Tag Archive for Poet

Ben Jonson – Shakespeare Contemporary

O, for an engine, to keep back all clocks, or make the sun forget his motion!

Ben Jonson, playwright

Ben Jonson, Shakespeare contemporary.

The Day is Gone, and all its Sweets are Gone

I am certain of nothing but the holiness of the heart’s affections, and the truth of imagination.

- John Keats

John Keats left for Italy on September 17, 1820 with hopes of a recovery from tuberculosis. Unfortunately it was his last destination as he would be gone the following February leaving behind his beloved Fanny Brawne and the only friend to accompany him and nurse him in his last days, Joseph Severn.

Keat’s poetry as music…

Stafylakis – Keats Cycle – 2 The day is gone

An impressive reading of The Day is Gone by John Keats read by actor Tyrone Power can be found at YouTube as well.

The Day is Gone, and all its Sweets are Gone

The day is gone, and all its sweets are gone!
Sweet voice, sweet lips, soft hand, and softer breast,
Warm breath, light whisper, tender semitone,
Bright eyes, accomplished shape, and lang’rous waist!
Faded the flower and all its budded charms,
Faded the sight of beauty from my eyes,
Faded the shape of beauty from my arms,
Faded the voice, warmth, whiteness, paradise -
Vanished unseasonably at shut of eve,
When the dusk holiday -or holinight
Of fragrant-curtained love begins to weave
The woof of darkness thick, for hid delight;
But, as I’ve read love’s missal through today,
He’ll let me sleep, seeing I fast and pray.

Henry David Thoreau Excerpt from Where I Lived, and What I Lived For

My Life Has Been the Poem

My life has been the poem I would have writ,
But I could not both live and utter it.

On Sep 6, 1847, Henry David Thoreau leaves his home on Walden to move into the home of Ralph Waldo Emerson, his mentor. Nothing describes who Henry David Thoreau was more than his own words. His appreciation for nature and his surroundings speaks volumes and as a reader, we are thankful that the city life was not for him.

An excerpt from Where I Lived, and What I Lived For
Walden Or Life In The Woods by Henry David Thoreau

The only house I had been the owner of before, if I except a boat, was a tent, which I used occasionally when making excursions in the summer, and this is still rolled up in my garret; but the boat, after passing from hand to hand, has gone down the stream of time. With this more substantial shelter about me, I had made some progress toward settling in the world. This frame, so slightly clad, was a sort of crystallization around me, and reacted on the builder. It was suggestive somewhat as a picture in outlines. I did not need to go outdoors to take the air, for the atmosphere within had lost none of its freshness. It was not so much within doors as behind a door where I sat, even in the rainiest weather. The Harivansa says, “An abode without birds is like a meat without seasoning.” Such was not my abode, for I found myself suddenly neighbor to the birds; not by having imprisoned one, but having caged myself near them. I was not only nearer to some of those which commonly frequent the garden and the orchard, but to those smaller and more thrilling songsters of the forest which never, or rarely, serenade a villager – the wood thrush, the veery, the scarlet tanager, the field sparrow, the whip-poor-will, and many others.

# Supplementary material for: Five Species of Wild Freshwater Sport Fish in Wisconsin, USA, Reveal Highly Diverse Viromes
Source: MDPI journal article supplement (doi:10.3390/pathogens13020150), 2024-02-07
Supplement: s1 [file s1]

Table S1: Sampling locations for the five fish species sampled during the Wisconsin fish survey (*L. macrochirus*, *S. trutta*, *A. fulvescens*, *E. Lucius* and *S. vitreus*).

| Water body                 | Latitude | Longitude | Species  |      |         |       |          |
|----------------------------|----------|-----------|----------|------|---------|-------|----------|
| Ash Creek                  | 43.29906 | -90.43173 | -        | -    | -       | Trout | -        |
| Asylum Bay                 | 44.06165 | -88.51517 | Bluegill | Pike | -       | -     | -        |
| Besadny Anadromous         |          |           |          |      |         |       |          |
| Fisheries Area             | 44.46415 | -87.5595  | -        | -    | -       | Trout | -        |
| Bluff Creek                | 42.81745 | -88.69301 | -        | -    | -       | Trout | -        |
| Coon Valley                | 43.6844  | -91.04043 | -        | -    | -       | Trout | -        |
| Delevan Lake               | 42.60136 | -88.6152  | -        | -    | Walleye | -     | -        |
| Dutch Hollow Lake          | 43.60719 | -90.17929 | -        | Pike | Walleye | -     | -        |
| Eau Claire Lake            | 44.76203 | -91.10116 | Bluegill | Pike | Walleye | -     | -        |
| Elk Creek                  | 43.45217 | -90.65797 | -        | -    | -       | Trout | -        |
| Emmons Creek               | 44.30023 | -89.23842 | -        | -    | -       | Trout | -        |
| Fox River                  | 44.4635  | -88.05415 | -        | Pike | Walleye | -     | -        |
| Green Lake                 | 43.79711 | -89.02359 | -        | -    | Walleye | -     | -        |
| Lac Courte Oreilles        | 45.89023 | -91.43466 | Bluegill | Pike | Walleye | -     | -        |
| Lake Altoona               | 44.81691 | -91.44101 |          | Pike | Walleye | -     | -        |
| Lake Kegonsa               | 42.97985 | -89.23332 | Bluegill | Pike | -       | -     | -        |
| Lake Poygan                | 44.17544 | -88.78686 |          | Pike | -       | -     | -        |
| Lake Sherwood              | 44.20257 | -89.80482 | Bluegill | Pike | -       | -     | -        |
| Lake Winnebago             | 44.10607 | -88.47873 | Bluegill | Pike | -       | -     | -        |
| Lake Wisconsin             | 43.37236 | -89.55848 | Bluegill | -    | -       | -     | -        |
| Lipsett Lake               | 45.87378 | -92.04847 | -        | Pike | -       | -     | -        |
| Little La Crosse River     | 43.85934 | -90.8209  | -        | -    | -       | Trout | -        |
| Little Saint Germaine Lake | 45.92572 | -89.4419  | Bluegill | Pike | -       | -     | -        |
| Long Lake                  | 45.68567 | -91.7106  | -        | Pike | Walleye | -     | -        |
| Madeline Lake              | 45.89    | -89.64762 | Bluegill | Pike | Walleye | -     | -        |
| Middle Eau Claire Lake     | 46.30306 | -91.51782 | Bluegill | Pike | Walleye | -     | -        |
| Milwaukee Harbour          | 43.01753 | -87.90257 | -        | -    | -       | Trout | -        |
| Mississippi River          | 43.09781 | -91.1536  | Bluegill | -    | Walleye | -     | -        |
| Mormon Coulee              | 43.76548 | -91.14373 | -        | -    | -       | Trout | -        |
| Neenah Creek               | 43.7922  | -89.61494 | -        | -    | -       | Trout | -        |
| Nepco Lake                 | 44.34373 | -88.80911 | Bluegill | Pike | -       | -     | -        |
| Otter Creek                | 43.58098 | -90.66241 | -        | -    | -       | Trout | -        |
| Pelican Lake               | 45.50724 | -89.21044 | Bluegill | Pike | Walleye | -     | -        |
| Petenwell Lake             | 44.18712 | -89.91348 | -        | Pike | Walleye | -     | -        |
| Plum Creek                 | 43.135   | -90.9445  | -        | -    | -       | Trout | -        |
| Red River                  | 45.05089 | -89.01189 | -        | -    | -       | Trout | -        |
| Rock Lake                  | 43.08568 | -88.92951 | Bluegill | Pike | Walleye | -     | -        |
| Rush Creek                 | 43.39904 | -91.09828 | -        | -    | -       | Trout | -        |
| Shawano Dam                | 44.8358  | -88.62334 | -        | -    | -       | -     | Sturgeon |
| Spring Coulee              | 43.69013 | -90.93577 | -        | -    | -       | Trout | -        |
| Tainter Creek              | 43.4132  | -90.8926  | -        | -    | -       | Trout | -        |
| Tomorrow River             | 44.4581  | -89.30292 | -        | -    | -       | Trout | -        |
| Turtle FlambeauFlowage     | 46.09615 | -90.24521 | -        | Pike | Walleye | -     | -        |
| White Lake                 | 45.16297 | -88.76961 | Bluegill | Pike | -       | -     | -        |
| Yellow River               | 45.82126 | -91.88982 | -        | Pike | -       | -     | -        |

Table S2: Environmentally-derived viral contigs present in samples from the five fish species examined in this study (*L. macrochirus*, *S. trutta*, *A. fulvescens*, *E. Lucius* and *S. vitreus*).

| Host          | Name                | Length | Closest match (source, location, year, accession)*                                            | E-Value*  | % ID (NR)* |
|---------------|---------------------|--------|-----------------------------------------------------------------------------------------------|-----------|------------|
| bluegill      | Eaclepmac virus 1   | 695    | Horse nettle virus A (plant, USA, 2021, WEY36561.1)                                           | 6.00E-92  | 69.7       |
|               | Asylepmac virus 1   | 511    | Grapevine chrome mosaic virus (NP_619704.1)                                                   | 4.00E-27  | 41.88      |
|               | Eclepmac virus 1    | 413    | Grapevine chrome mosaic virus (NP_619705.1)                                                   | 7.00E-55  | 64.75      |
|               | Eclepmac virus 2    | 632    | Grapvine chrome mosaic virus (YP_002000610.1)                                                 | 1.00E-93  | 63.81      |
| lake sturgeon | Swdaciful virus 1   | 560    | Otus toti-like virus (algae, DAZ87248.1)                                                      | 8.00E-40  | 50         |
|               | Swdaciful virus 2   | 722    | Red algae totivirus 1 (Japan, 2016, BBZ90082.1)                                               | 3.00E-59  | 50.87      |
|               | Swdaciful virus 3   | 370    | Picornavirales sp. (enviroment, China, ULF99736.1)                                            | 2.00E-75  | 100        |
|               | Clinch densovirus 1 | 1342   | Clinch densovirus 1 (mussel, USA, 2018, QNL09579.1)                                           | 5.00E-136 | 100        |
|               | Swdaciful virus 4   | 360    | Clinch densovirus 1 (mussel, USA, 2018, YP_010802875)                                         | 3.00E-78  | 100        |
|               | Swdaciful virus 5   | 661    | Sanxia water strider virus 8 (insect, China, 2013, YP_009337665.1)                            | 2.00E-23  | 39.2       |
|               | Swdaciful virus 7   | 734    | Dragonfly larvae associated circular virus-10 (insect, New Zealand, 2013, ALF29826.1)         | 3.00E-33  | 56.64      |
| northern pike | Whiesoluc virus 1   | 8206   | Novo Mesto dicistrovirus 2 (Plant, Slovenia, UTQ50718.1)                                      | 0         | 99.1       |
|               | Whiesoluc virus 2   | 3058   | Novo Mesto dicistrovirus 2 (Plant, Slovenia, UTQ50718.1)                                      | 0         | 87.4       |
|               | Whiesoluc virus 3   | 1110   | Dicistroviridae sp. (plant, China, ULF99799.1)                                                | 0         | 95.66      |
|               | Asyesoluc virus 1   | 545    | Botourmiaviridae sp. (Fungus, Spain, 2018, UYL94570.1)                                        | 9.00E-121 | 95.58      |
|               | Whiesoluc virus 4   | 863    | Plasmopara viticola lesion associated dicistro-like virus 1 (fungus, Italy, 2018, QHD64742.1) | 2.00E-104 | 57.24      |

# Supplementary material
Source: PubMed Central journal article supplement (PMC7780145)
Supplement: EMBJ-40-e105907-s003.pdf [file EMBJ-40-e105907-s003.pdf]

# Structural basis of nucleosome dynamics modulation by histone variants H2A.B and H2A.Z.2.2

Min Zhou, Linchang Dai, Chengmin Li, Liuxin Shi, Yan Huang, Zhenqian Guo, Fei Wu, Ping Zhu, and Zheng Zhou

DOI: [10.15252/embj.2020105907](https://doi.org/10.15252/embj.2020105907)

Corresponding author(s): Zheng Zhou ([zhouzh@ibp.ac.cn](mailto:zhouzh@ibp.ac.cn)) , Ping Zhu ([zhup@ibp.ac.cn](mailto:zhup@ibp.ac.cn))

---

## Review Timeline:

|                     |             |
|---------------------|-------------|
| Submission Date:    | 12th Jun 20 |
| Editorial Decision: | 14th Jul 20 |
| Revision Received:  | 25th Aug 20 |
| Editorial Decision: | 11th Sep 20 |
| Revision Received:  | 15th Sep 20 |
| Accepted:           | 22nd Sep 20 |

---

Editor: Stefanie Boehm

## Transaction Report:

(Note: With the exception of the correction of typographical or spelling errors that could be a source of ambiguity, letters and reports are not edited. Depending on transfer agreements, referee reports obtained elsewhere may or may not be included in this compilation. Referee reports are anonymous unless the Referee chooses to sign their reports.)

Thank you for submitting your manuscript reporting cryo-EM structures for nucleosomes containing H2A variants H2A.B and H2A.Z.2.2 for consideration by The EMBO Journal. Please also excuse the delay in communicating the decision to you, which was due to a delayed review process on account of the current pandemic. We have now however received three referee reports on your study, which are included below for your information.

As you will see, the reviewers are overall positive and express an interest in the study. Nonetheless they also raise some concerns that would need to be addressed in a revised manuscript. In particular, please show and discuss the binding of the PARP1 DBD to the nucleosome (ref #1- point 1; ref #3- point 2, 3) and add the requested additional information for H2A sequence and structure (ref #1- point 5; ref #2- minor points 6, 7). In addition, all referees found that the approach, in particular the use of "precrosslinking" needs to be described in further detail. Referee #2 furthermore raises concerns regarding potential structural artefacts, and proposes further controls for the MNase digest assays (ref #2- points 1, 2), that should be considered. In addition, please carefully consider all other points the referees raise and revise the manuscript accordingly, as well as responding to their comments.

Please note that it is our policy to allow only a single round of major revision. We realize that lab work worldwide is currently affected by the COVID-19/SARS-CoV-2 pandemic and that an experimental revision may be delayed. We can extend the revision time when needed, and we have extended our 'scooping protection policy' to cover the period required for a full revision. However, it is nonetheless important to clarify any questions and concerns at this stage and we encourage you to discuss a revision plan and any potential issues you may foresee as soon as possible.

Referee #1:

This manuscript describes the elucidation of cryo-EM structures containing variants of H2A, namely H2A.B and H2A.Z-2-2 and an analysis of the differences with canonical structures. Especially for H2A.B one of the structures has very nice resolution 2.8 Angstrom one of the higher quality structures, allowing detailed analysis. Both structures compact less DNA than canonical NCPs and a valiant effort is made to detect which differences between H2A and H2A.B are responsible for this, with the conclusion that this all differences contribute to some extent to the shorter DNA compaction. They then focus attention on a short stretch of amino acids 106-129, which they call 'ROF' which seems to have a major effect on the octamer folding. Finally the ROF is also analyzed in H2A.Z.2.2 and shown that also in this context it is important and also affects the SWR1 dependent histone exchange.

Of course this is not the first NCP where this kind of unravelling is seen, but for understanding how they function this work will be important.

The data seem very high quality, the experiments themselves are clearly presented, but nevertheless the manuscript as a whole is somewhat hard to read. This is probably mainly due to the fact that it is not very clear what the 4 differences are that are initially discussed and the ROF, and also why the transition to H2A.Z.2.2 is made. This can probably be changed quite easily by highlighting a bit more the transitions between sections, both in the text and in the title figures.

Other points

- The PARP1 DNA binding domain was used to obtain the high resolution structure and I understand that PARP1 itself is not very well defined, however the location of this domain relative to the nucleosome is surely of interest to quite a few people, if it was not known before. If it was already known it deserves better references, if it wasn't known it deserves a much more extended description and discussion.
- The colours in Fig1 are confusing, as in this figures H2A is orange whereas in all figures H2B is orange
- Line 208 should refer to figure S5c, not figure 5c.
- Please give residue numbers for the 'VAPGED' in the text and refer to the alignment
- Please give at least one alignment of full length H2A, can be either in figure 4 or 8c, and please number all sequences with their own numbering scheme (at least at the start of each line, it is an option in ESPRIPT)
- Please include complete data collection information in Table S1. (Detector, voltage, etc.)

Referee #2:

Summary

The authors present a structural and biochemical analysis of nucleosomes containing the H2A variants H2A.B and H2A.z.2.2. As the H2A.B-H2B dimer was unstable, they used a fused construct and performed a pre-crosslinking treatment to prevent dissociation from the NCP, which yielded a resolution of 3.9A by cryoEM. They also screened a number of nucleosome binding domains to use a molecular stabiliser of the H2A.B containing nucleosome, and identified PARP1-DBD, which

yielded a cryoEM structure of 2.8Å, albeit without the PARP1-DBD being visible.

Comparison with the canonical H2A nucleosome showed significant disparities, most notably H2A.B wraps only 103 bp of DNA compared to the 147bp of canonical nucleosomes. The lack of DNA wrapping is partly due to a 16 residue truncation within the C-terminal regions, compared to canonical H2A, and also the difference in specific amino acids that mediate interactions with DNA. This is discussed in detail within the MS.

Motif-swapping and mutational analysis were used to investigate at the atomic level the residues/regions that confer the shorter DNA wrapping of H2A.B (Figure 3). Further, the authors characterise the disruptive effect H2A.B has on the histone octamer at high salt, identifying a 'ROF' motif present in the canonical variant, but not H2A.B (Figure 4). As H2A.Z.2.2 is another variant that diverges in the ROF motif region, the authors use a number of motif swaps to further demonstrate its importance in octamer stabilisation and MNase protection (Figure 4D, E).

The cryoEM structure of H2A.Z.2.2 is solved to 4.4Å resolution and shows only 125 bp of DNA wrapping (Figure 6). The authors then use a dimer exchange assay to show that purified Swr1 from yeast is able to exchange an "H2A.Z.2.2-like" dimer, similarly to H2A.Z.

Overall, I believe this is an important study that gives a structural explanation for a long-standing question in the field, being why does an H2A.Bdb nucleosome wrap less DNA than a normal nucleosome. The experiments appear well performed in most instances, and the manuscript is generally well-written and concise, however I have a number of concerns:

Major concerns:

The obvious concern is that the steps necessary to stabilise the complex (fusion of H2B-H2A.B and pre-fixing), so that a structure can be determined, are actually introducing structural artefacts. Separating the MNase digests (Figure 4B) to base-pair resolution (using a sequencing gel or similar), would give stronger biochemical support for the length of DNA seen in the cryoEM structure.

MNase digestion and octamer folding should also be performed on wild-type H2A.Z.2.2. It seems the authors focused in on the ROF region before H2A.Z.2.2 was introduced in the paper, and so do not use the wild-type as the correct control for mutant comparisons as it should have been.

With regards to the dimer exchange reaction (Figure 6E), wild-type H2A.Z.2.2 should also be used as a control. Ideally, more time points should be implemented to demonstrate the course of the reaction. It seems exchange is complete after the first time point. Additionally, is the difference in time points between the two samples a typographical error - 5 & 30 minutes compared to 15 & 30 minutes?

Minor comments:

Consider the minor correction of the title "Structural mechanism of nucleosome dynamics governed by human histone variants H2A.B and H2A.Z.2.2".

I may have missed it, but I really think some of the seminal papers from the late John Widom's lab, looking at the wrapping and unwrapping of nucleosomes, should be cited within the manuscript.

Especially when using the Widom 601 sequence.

Footnotes October 7, 2008

Follow your inner moonlight;

don’t hide the madness.

Allen Ginsberg
June 3, 1926 – April 5, 1997


A Poetry Review

Speak Your Mind

Writer’s Digest Prompt Contest 14

Edgar Allen Poe – Annabel Lee

Today in history, poet Alan Ginsberg reads his poem “Howl” at a poetry reading.

Edgar Allen Poe – Annabel Lee

Edgar Allen Poe is one on of my favorite writers and I’m certain he would have understood Allen Ginsberg’s sentiment of poets being damned.

Here is a classic Poe poem. My parents had to memorize this poem in school (the teacher was somewhat obsessed with Poe, that knowledge proved helpful when I ended up with the same teacher years later…). While I’ve never memorized it, I still know great parts of it and can feel it in my soul.

Annabel Lee

It was many and many a year ago,
In a kingdom by the sea,
That a maiden there lived whom you may know
By the name of ANNABEL LEE;
And this maiden she lived with no other thought
Than to love and be loved by me.

I was a child and she was a child,
In this kingdom by the sea;
But we loved with a love that was more than love-
I and my Annabel Lee;
With a love that the winged seraphs of heaven
Coveted her and me.

And this was the reason that, long ago,
In this kingdom by the sea,
A wind blew out of a cloud, chilling
My beautiful Annabel Lee;
So that her highborn kinsman came
And bore her away from me,
To shut her up in a sepulchre
In this kingdom by the sea.

The angels, not half so happy in heaven,
Went envying her and me-
Yes!- that was the reason (as all men know,
In this kingdom by the sea)
That the wind came out of the cloud by night,
Chilling and killing my Annabel Lee.

But our love it was stronger by far than the love
Of those who were older than we-
Of many far wiser than we-
And neither the angels in heaven above,
Nor the demons down under the sea,
Can ever dissever my soul from the soul
Of the beautiful Annabel Lee.

For the moon never beams without bringing me dreams
Of the beautiful Annabel Lee;
And the stars never rise but I feel the bright eyes
Of the beautiful Annabel Lee;
And so, all the night-tide, I lie down by the side
Of my darling- my darling- my life and my bride,
In the sepulchre there by the sea,
In her tomb by the sounding sea.